• 45°

Here’s why I believe in America

By Lee Hamilton

Center on Representative Government

It’s so easy these days to despair about the future of our country. It feels like half the people I run into just want to pull the covers over their heads and ignore the news.

There’s dysfunction at the highest levels of government. Recent reports — the new book by Bob Woodward and a New York Times op-ed — reveal that top administration officials are so worried about the president’s impulses that they’ve formed a sort of “resistance” movement to thwart them. Many Americans express their disappointment in so other Americans for supporting politicians who do not seem to know how to make our representative government work.

And while drama dominates the daily headlines, Congress is polarized, hamstrung, and ineffective. We’re subject to Russian election hacking with very little visible effort on the part of the federal government to do something about it. Dozens of vital issues, from economic inequality to cyber-security, are going largely unaddressed.

So it might seem odd for me to suggest that we take a step back and count our blessings. But that’s exactly what I believe we need to do right now.

Our history should give us a shot of confidence. We have overcome formidable challenges: a civil war, two world wars, recessions and depressions, and through it all, America has not just survived, but improved. In my working lifetime, I have seen this country become a better place, plain and simple.

We enjoy the world’s largest and most competitive economy.

We have greatly improved the life of many older Americans with programs like Social Security and Medicare. We’ve improved the lives of many younger people with college scholarships and wider opportunities. And women and minorities have had doors opened to them like never before, even if there’s still room to improve.

We are the pre-eminent diplomatic and military power in the world. Though terrorism is a serious worry, we do not face an imminent threat to our overall security.

Our citizens, federal employees, and military personnel are engaged all over the world, for the most part doing their best to improve life for people elsewhere.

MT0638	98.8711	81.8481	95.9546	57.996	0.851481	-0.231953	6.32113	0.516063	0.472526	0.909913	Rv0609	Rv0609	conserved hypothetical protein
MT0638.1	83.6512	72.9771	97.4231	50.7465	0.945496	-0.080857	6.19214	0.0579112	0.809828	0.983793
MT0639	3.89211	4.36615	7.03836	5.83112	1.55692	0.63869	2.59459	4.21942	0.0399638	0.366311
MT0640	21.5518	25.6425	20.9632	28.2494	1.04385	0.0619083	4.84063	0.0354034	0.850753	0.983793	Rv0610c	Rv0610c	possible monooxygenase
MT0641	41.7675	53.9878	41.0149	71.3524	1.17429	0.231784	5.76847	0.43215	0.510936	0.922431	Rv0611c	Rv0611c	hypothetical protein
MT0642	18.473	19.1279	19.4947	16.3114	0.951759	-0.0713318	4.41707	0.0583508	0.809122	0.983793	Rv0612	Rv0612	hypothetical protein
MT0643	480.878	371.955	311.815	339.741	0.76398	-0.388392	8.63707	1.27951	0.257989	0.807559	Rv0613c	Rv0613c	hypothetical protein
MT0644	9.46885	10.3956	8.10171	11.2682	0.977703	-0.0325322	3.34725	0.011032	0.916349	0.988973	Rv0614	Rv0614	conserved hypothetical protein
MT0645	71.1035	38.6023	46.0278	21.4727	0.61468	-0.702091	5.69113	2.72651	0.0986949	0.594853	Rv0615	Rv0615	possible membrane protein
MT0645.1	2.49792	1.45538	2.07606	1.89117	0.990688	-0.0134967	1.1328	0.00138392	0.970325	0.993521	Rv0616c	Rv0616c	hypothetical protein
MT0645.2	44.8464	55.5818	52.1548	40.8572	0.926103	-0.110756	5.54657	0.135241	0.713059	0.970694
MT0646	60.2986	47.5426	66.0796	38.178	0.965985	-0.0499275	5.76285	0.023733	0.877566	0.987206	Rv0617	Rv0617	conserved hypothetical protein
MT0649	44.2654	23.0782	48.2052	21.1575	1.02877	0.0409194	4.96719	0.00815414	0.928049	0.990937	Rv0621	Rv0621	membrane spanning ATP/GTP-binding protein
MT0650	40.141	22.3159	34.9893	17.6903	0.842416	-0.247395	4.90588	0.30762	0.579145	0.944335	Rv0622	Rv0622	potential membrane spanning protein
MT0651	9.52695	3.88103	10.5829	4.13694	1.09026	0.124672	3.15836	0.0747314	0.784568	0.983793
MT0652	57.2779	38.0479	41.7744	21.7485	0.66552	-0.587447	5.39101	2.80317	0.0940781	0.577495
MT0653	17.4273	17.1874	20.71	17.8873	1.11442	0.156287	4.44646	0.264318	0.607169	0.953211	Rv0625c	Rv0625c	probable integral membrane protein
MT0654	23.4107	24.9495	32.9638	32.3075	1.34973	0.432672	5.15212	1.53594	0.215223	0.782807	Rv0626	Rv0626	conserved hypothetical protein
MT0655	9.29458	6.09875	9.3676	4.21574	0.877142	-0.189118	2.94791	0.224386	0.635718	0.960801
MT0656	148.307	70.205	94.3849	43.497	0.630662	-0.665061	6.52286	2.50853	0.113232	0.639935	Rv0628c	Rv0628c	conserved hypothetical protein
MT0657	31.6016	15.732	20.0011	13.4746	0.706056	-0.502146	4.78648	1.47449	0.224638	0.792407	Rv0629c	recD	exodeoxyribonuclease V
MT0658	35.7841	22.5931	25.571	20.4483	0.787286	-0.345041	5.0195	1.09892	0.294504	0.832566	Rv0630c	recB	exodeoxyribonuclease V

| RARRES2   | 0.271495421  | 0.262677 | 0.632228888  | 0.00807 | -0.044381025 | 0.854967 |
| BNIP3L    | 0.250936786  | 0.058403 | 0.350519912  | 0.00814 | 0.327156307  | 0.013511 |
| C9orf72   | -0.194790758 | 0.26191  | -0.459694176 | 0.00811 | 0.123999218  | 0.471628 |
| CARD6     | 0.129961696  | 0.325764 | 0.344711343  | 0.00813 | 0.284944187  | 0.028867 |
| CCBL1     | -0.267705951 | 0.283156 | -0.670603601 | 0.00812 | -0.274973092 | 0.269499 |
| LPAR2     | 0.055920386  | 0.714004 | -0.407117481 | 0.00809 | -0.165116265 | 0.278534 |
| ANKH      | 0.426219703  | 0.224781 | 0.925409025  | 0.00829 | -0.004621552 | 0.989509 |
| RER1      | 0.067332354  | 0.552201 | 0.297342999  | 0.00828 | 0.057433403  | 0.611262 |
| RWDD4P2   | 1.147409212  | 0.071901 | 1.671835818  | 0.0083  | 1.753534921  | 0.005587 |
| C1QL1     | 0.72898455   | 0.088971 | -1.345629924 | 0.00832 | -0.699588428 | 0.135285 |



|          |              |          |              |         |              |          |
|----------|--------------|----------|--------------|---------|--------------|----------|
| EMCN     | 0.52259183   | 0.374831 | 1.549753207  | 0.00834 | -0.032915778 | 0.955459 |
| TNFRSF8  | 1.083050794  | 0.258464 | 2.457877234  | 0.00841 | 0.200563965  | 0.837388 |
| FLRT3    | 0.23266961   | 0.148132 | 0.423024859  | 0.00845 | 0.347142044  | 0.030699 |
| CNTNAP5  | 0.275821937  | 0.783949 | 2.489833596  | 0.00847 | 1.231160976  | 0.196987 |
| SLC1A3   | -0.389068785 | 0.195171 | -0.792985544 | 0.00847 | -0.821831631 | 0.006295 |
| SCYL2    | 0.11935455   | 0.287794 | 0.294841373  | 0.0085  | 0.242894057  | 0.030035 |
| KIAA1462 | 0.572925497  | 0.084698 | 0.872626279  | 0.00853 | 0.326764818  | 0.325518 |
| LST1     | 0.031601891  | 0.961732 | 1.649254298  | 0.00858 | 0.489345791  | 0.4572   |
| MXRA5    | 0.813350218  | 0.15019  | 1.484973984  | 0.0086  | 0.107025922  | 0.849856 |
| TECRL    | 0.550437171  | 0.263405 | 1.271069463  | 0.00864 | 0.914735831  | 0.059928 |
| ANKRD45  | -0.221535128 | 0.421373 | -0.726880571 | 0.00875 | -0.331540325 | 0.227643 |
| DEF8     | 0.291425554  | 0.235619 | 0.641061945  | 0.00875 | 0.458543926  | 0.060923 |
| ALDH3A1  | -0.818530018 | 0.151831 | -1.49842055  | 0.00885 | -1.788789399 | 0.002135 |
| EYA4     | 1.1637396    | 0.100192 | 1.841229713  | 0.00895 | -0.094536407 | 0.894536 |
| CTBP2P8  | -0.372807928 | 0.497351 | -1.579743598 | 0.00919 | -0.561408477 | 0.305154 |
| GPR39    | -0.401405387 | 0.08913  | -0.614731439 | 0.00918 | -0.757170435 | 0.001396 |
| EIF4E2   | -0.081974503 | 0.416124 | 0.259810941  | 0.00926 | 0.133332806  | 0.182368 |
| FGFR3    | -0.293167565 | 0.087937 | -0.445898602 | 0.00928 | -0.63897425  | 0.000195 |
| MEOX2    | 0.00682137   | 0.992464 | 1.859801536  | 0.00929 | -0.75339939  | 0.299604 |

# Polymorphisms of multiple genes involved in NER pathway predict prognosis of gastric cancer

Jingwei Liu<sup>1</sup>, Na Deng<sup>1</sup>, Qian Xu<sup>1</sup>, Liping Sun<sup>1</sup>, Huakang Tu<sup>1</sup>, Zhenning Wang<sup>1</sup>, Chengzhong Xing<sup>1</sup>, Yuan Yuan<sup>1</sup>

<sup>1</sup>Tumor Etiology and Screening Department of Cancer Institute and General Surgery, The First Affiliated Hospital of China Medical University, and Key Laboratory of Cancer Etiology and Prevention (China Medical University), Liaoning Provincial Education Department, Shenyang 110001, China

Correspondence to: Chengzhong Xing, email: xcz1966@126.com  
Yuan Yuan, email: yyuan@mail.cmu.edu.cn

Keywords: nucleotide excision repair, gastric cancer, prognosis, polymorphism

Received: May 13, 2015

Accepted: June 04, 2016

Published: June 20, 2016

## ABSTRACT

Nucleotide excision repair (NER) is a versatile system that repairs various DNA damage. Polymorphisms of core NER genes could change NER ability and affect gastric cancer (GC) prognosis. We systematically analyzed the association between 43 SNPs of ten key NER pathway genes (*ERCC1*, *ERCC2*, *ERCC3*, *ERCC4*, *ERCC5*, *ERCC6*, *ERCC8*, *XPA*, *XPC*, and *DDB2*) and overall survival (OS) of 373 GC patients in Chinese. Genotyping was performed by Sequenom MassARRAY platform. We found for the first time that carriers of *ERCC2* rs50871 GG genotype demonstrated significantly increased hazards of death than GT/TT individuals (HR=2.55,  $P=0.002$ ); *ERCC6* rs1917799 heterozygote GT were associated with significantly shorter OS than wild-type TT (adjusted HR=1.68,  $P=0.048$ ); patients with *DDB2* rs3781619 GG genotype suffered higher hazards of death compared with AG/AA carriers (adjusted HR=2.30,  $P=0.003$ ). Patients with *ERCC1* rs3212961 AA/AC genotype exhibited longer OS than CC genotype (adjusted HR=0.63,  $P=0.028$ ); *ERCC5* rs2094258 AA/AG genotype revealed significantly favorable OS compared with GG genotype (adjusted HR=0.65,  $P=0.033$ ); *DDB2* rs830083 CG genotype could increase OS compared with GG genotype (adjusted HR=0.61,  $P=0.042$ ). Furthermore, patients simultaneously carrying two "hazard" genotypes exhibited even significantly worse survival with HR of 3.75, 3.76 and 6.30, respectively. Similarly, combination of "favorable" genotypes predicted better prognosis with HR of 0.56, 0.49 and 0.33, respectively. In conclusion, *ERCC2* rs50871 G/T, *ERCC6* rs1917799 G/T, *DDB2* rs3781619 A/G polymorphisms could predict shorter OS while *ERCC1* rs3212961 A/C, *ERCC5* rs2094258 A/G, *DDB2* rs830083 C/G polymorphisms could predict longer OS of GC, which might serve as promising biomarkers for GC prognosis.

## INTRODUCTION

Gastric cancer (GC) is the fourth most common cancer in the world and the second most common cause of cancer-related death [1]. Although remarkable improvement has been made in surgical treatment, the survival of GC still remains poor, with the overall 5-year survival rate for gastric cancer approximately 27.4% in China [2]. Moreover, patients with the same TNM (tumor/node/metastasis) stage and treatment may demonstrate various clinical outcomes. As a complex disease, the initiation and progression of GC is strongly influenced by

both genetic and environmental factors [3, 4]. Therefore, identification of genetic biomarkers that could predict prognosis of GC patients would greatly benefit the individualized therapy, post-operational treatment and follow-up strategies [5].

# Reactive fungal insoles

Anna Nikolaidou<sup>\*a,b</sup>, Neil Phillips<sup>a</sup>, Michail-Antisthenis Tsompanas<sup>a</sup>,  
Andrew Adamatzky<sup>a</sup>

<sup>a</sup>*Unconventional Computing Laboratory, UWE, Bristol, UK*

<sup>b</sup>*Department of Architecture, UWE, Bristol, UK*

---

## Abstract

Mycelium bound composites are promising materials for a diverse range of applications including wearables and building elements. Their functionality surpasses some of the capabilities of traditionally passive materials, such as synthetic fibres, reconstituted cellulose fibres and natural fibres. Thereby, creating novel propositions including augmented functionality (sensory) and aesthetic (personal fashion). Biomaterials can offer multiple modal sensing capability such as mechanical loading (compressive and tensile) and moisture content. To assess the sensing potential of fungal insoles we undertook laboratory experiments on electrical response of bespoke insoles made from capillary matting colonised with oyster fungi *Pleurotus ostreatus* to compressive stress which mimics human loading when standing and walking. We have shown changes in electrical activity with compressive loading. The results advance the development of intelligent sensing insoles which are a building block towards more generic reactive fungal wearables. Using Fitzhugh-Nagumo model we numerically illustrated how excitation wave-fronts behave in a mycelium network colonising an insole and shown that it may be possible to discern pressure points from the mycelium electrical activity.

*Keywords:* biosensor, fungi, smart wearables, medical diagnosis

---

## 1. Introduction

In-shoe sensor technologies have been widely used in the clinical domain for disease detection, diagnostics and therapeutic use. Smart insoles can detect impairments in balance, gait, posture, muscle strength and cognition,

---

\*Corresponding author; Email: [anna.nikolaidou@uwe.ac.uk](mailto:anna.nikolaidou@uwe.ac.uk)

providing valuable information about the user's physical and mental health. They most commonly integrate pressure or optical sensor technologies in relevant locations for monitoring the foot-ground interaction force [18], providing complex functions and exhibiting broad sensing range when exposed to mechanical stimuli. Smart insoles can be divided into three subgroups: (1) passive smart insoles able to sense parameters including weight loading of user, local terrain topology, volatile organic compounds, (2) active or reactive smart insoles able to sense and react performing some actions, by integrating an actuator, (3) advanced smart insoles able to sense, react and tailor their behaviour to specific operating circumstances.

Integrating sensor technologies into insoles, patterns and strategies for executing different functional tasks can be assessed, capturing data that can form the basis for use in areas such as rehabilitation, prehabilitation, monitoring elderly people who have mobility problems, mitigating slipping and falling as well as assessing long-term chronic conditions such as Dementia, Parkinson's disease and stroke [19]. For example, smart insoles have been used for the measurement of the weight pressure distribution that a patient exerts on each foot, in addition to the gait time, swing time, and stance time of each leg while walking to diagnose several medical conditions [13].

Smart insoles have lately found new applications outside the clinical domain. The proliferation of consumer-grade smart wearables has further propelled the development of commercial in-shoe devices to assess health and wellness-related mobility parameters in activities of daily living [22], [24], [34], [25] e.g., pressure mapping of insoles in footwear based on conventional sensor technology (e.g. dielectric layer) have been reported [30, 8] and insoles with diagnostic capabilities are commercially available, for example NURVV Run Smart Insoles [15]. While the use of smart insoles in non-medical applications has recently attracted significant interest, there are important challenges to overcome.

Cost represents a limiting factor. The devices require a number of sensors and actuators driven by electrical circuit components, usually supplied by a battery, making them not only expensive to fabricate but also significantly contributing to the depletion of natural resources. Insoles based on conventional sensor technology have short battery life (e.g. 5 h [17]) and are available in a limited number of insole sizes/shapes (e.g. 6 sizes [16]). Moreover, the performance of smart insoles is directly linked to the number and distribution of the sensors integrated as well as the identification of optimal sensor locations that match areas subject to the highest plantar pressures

Perhaps most important, we have created a country where everyone has a chance to become the best she or he can be. There’s much room for improvement here, too — opportunity is not equally accessible. But there are plenty of people who’ve managed to get ahead in life even though the cards were stacked against them.

We should not sound arrogant, and we should acknowledge our mistakes, but we have much to be proud of in our record as a nation.

I don’t want to suggest we don’t have big problems. Of course we do. And just as noteworthy, progress over the decades doesn’t mean it’s inevitable.

While China invests in advanced robotics, for instance, we’re re-investing in coal. Are the current administration’s trade policies laying the groundwork for a prosperous future? I worry that they’re not. What impact will our huge and greatly expanding national debt have on our nation’s future? No one knows for certain, but it’s hard to believe things will end well if we don’t address it.

What about the inability of Congress to do its work? Nowhere is it written in the stars that things will continue on as well as they have, especially if our policy-makers don’t do their jobs.

But to confront these problems, and to start to forge solutions, you have to have a measure of confidence in the system through which we’ll address them. And in this regard, our history should give us a boost. My impression is we need it.

Lee Hamilton is a senior advisor for the Indiana University Center on Representative Government and a former member of the U.S. House of Representatives for 34 years.



Weak jobs report spurs questions about big fed spending


Judge limits footage that family can see of deputy shooting in Elizabeth City


Woodland, two others share lead; Mickelson plays much worse but will still be around for weekend at Quail Hollow


Former NHL player to open mobster themed bar in Raleigh


California population declines for first time


GOP leaders differ on bottom line for state spending


Police: Man killed in shootout with officers in Winston-Salem


Man charged after thieves rob would-be gun buyers of wallets, shoes


Blotter: Four added to sheriff’s most wanted list

High School

High school football: Some anxious moments, but Hornets win state title


Photos: Salisbury High Hornets win big in 2AA championship game


County manager outlines projections for the upcoming fiscal year budget, suggests uses for stimulus money


Miami-based Browns Athletic Apparel opens second screen printing location in Salisbury


At funeral, fallen Watauga deputies remembered as ‘heroes’


COVID-19 cluster identified at Granite Quarry Elementary


More than half of North Carolinians have now taken at least one vaccine shot


City hopes to cover expenses in 2021-22 budget with surplus revenue generated this year


Fallen tree proves to be a blessing for local nonprofit Happy Roots


Quotes of the week


Health department drops quarantine time from 14 to 10 days


Blotter: More than $100,000 in property reported stolen from Old Beatty Ford Road site


City fights invasive beetles by injecting trees with insecticide


City names downtown recipients for federal Parks Service grant

China Grove

China Grove Town Council weighs 2021-22 budget priorities, supports buying body cameras